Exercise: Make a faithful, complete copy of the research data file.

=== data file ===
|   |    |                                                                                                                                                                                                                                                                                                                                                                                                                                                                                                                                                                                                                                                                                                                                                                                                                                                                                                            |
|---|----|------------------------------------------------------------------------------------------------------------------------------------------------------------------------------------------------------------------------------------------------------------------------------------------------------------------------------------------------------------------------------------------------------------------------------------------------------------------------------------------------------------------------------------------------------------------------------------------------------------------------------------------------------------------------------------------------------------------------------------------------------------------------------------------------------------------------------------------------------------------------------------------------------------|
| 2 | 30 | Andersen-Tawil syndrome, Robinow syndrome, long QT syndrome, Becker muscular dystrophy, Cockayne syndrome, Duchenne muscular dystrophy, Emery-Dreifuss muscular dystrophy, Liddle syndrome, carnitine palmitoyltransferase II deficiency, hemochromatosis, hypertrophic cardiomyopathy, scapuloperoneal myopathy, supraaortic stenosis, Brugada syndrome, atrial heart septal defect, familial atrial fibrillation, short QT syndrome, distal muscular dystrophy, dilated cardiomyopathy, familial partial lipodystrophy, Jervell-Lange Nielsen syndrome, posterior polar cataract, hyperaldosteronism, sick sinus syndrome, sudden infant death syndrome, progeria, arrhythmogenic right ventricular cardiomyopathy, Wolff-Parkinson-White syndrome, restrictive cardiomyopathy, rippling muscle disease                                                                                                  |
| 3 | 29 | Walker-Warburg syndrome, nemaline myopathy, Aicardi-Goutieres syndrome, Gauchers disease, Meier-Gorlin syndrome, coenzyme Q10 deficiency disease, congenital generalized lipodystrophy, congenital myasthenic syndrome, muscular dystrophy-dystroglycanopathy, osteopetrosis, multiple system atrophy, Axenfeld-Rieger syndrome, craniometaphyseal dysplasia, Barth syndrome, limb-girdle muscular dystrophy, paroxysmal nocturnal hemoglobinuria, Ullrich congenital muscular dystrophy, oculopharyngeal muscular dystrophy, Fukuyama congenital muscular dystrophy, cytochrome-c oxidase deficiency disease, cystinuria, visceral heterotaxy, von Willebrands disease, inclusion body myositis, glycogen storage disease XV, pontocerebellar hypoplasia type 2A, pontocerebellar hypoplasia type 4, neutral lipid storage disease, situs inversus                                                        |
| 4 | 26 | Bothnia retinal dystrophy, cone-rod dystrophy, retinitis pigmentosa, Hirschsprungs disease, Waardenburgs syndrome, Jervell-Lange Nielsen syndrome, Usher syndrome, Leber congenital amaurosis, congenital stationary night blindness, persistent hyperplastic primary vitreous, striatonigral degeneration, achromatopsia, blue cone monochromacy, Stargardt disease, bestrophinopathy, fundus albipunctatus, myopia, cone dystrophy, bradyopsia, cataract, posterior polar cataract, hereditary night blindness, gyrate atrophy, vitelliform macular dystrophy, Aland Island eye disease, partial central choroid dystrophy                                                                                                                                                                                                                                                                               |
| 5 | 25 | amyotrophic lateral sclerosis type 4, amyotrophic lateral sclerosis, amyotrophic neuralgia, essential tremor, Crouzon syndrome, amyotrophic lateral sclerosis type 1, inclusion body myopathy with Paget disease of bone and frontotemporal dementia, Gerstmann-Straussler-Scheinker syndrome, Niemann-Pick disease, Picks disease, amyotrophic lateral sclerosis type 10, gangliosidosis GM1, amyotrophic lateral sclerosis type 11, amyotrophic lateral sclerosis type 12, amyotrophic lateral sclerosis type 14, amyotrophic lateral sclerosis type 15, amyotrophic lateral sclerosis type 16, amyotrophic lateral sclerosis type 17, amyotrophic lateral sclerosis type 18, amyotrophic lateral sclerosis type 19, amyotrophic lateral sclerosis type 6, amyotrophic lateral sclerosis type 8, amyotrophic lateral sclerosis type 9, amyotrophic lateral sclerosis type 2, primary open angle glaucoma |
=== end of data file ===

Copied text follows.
|   |    |                                                                                                                                                                                                                                                                                                                                                                                                                                                                                                                                                                                                                                                                                                                                                                                                                                                                                                            |
|---|----|------------------------------------------------------------------------------------------------------------------------------------------------------------------------------------------------------------------------------------------------------------------------------------------------------------------------------------------------------------------------------------------------------------------------------------------------------------------------------------------------------------------------------------------------------------------------------------------------------------------------------------------------------------------------------------------------------------------------------------------------------------------------------------------------------------------------------------------------------------------------------------------------------------|
| 2 | 30 | Andersen-Tawil syndrome, Robinow syndrome, long QT syndrome, Becker muscular dystrophy, Cockayne syndrome, Duchenne muscular dystrophy, Emery-Dreifuss muscular dystrophy, Liddle syndrome, carnitine palmitoyltransferase II deficiency, hemochromatosis, hypertrophic cardiomyopathy, scapuloperoneal myopathy, supraaortic stenosis, Brugada syndrome, atrial heart septal defect, familial atrial fibrillation, short QT syndrome, distal muscular dystrophy, dilated cardiomyopathy, familial partial lipodystrophy, Jervell-Lange Nielsen syndrome, posterior polar cataract, hyperaldosteronism, sick sinus syndrome, sudden infant death syndrome, progeria, arrhythmogenic right ventricular cardiomyopathy, Wolff-Parkinson-White syndrome, restrictive cardiomyopathy, rippling muscle disease                                                                                                  |
| 3 | 29 | Walker-Warburg syndrome, nemaline myopathy, Aicardi-Goutieres syndrome, Gauchers disease, Meier-Gorlin syndrome, coenzyme Q10 deficiency disease, congenital generalized lipodystrophy, congenital myasthenic syndrome, muscular dystrophy-dystroglycanopathy, osteopetrosis, multiple system atrophy, Axenfeld-Rieger syndrome, craniometaphyseal dysplasia, Barth syndrome, limb-girdle muscular dystrophy, paroxysmal nocturnal hemoglobinuria, Ullrich congenital muscular dystrophy, oculopharyngeal muscular dystrophy, Fukuyama congenital muscular dystrophy, cytochrome-c oxidase deficiency disease, cystinuria, visceral heterotaxy, von Willebrands disease, inclusion body myositis, glycogen storage disease XV, pontocerebellar hypoplasia type 2A, pontocerebellar hypoplasia type 4, neutral lipid storage disease, situs inversus                                                        |
| 4 | 26 | Bothnia retinal dystrophy, cone-rod dystrophy, retinitis pigmentosa, Hirschsprungs disease, Waardenburgs syndrome, Jervell-Lange Nielsen syndrome, Usher syndrome, Leber congenital amaurosis, congenital stationary night blindness, persistent hyperplastic primary vitreous, striatonigral degeneration, achromatopsia, blue cone monochromacy, Stargardt disease, bestrophinopathy, fundus albipunctatus, myopia, cone dystrophy, bradyopsia, cataract, posterior polar cataract, hereditary night blindness, gyrate atrophy, vitelliform macular dystrophy, Aland Island eye disease, partial central choroid dystrophy                                                                                                                                                                                                                                                                               |
| 5 | 25 | amyotrophic lateral sclerosis type 4, amyotrophic lateral sclerosis, amyotrophic neuralgia, essential tremor, Crouzon syndrome, amyotrophic lateral sclerosis type 1, inclusion body myopathy with Paget disease of bone and frontotemporal dementia, Gerstmann-Straussler-Scheinker syndrome, Niemann-Pick disease, Picks disease, amyotrophic lateral sclerosis type 10, gangliosidosis GM1, amyotrophic lateral sclerosis type 11, amyotrophic lateral sclerosis type 12, amyotrophic lateral sclerosis type 14, amyotrophic lateral sclerosis type 15, amyotrophic lateral sclerosis type 16, amyotrophic lateral sclerosis type 17, amyotrophic lateral sclerosis type 18, amyotrophic lateral sclerosis type 19, amyotrophic lateral sclerosis type 6, amyotrophic lateral sclerosis type 8, amyotrophic lateral sclerosis type 9, amyotrophic lateral sclerosis type 2, primary open angle glaucoma |